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Avian influenza (bird flu) H5N1

There are 15 types of avian or bird flu. Most contagious and usually fatal in birds are the strains H5 and H7. Even within the H5N1 strain, variations have been seen throughout the different regions so far affected.

Domestic birds such as chickens and ducks are most at risk from epidemic outbreaks since they tend to live in higher concentrations. Migratory birds transfer the disease between areas, infecting local populations as they go. Recent confirmations of the presence of H5N1 in Turkey, Romania and Greece show the pattern of spread, which is impossible to stop.

Bird Flu has swept through poultry and wild birds in Asia since 2003. So far it has killed large numbers of birds and led to more than 60 human deaths.


In the event of large scale transfer of the disease to humans vaccines could be developed and the UK Government has indicated that it would purchase enough vaccine to cover every person in the country. Chief Medical Officer Sir Liam Donaldson has indicated that 120 million doses would be needed, two for each person. However, such a vaccine cannot be developed until the exact strain of flu virus causing the pandemic is identified, meaning that development and production of vaccine will always come too late for some.

Estimates vary enormously as to the possible death toll from such a Global pandemic, one UN official, Dr David Nabarro, is quoted as saying that Bird Flu “could kill 150m people”. The World Health Organisation (WHO) has distanced itself from this figure, estimating the likely number of casualties at between 2 and 7.4 million.


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The spread of Avian Flu around the world is much in the media at the moment, leading to very real fears of a possible pandemic – or global outbreak, should the virus transfer to humans.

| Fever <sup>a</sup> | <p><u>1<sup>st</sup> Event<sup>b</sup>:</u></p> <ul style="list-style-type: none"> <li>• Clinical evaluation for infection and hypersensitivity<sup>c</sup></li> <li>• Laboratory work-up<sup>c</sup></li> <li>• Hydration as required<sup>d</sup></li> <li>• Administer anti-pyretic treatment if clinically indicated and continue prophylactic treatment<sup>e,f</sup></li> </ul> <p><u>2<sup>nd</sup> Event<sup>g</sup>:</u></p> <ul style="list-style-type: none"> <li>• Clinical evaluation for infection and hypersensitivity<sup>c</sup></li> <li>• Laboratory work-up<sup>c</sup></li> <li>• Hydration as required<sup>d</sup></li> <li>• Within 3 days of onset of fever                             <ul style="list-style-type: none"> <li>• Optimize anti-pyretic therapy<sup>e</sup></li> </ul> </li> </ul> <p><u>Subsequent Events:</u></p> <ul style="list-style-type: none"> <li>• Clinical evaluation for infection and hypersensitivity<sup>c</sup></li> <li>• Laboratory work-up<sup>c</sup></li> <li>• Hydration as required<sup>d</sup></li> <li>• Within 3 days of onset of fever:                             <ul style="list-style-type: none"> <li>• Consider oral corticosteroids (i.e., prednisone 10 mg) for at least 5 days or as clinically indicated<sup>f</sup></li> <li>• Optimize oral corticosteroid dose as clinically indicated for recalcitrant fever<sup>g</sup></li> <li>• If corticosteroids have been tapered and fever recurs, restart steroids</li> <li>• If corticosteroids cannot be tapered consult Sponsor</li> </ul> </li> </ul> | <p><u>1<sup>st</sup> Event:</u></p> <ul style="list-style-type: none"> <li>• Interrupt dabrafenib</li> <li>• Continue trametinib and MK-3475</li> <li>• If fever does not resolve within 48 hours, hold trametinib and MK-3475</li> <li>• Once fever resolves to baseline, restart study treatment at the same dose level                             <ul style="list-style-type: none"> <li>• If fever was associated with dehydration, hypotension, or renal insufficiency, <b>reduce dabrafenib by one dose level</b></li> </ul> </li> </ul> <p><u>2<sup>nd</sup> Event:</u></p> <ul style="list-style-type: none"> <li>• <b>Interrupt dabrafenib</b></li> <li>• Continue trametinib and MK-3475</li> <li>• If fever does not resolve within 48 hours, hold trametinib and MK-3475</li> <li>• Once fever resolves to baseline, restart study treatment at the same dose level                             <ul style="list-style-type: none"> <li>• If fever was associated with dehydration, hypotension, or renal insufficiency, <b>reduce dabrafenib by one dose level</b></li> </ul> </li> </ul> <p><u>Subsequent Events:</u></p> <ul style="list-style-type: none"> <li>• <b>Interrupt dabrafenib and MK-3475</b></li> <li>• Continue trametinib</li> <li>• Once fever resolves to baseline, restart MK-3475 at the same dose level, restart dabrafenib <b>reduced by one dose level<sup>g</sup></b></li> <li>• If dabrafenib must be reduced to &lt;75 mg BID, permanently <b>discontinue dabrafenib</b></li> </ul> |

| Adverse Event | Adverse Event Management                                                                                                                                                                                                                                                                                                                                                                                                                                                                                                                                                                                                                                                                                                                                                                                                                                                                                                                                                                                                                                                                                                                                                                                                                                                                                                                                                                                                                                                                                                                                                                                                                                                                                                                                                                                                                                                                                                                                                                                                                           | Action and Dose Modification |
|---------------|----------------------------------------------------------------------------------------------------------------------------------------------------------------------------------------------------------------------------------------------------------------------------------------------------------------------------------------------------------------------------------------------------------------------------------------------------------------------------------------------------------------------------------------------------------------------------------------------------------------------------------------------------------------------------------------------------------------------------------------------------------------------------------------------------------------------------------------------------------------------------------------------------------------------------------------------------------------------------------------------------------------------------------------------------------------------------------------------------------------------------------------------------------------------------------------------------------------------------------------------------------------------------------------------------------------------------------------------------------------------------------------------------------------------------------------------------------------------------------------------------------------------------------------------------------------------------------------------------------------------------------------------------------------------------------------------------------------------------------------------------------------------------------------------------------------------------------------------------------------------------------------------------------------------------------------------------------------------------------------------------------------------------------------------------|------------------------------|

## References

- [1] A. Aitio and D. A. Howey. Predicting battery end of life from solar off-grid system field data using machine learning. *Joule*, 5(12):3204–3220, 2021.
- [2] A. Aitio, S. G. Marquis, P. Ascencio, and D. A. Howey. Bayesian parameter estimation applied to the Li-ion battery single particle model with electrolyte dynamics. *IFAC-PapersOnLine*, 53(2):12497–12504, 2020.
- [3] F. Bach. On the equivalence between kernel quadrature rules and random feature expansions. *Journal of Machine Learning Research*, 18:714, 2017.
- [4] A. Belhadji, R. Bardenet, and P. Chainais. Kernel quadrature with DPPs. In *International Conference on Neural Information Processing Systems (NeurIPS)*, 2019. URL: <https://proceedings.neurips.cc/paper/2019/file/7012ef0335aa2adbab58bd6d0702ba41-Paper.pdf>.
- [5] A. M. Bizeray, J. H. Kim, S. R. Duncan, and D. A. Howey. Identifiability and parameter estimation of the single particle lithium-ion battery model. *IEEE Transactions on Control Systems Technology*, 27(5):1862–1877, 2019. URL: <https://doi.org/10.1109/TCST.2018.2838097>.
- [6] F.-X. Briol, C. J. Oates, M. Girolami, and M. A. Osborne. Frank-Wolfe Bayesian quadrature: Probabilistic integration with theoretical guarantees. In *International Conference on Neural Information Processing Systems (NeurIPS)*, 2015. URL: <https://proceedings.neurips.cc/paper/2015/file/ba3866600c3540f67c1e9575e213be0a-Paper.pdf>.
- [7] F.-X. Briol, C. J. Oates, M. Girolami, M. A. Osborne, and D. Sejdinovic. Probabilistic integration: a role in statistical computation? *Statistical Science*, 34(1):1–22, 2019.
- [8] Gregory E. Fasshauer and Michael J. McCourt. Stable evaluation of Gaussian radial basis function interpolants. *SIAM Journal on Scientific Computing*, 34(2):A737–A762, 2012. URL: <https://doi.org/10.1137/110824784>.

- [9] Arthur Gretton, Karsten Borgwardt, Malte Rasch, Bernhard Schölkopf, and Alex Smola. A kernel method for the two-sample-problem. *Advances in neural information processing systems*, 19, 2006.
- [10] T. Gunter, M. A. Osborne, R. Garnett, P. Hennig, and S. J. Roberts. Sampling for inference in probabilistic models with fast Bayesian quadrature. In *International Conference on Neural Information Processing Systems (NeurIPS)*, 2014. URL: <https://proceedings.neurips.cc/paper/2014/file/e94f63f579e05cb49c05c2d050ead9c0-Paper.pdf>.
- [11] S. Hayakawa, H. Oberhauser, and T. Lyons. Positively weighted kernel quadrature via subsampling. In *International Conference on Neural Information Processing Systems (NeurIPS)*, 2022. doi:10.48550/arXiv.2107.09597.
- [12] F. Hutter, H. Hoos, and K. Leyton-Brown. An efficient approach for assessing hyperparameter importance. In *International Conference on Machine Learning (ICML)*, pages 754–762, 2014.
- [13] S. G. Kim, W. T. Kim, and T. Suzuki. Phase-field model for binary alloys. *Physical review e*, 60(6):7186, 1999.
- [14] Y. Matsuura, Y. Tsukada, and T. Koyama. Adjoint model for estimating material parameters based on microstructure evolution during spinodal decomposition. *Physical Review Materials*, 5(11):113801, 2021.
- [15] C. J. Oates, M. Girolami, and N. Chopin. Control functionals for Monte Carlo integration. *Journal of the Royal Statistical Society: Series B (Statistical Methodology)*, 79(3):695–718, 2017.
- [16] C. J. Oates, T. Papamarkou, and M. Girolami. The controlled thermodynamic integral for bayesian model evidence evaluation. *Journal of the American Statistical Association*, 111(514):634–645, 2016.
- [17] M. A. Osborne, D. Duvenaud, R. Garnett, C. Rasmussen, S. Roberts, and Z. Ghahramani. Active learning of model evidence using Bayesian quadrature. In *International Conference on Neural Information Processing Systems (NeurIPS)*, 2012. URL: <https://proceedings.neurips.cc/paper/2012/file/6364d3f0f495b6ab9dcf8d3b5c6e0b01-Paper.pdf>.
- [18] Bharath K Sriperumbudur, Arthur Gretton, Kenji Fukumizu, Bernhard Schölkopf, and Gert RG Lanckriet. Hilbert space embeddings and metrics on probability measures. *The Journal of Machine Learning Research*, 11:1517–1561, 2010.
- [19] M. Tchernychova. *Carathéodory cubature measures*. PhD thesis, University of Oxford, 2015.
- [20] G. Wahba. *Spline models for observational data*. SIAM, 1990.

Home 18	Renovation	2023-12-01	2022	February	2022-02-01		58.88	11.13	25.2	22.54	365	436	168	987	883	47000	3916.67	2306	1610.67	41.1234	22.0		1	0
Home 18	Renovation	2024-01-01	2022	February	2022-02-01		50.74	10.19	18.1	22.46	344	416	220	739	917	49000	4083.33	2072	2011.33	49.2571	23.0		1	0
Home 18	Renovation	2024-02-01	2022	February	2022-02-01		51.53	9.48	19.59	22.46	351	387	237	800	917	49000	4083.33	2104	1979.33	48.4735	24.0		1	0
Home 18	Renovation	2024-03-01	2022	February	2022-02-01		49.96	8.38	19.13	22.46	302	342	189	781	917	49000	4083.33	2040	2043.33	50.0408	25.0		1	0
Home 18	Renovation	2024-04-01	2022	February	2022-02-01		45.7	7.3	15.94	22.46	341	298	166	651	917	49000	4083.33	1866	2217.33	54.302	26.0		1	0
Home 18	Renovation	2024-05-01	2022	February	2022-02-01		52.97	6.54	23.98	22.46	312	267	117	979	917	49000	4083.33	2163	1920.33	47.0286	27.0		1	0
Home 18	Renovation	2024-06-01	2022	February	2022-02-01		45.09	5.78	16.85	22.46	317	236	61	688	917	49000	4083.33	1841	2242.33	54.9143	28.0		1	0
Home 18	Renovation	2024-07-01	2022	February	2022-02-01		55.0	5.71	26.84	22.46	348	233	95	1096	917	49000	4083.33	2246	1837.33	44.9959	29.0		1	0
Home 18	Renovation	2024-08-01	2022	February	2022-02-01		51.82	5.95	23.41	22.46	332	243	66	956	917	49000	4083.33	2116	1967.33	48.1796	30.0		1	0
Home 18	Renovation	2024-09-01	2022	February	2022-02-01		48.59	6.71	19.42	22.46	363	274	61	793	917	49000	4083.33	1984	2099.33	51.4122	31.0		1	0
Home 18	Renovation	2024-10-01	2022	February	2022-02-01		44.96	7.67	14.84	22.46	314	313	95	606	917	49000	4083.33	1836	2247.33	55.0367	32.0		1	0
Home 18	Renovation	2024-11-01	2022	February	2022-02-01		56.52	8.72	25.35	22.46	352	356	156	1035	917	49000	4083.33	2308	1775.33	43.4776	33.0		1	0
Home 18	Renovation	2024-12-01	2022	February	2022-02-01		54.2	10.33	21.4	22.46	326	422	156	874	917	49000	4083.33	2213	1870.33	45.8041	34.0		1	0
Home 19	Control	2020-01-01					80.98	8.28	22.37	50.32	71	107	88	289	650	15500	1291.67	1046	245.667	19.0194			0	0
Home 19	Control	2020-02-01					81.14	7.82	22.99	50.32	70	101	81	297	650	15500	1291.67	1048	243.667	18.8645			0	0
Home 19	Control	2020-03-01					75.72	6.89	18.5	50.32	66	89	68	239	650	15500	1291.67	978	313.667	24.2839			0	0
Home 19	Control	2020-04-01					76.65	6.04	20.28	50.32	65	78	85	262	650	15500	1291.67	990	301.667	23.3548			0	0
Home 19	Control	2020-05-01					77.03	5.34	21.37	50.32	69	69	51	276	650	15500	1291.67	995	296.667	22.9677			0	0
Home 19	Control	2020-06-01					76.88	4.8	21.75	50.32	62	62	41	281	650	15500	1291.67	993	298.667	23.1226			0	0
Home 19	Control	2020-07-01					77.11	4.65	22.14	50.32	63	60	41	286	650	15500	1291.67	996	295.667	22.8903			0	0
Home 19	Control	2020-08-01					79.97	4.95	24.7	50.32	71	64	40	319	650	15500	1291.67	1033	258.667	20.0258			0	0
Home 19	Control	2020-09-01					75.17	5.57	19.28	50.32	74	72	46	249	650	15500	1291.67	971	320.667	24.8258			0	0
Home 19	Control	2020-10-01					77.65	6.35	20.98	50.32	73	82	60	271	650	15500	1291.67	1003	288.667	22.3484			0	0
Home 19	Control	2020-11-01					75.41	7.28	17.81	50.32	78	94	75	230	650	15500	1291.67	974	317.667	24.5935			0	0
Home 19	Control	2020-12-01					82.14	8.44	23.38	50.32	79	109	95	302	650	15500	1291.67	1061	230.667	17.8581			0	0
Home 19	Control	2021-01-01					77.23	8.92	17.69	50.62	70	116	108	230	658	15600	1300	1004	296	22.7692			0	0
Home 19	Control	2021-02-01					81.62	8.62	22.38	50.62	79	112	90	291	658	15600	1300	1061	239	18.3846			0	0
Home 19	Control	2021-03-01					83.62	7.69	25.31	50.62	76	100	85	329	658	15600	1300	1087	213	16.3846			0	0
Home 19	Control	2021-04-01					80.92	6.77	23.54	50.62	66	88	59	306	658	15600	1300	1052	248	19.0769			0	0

This would require a mutation of the virus; something that as yet remains only a potential threat rather than a reality. It is however, entirely possible that such a change could transpire.

Historical precedents exist to show the potential threat to humans from these virulent flu types. The 1918 – 19 Spanish Flu virus is widely considered the most deadly disease in history, killing 40 million people in a matter of months. The virus is now believed to have come from birds, by scientists who also believe that it bore similarities to H5N1, the strain currently causing concern.


Contaminated buildings require high levels of bio-decontamination for which Bioquell's patented hydrogen peroxide vapour (HPV) technology, Bioquell RBDS, is ideal in many cases. Already in use world wide for the decontamination of healthcare facilities and pharmaceutical production suites, HPV has proven efficacy against an almost identical virus H5N2 (Heckert et al).



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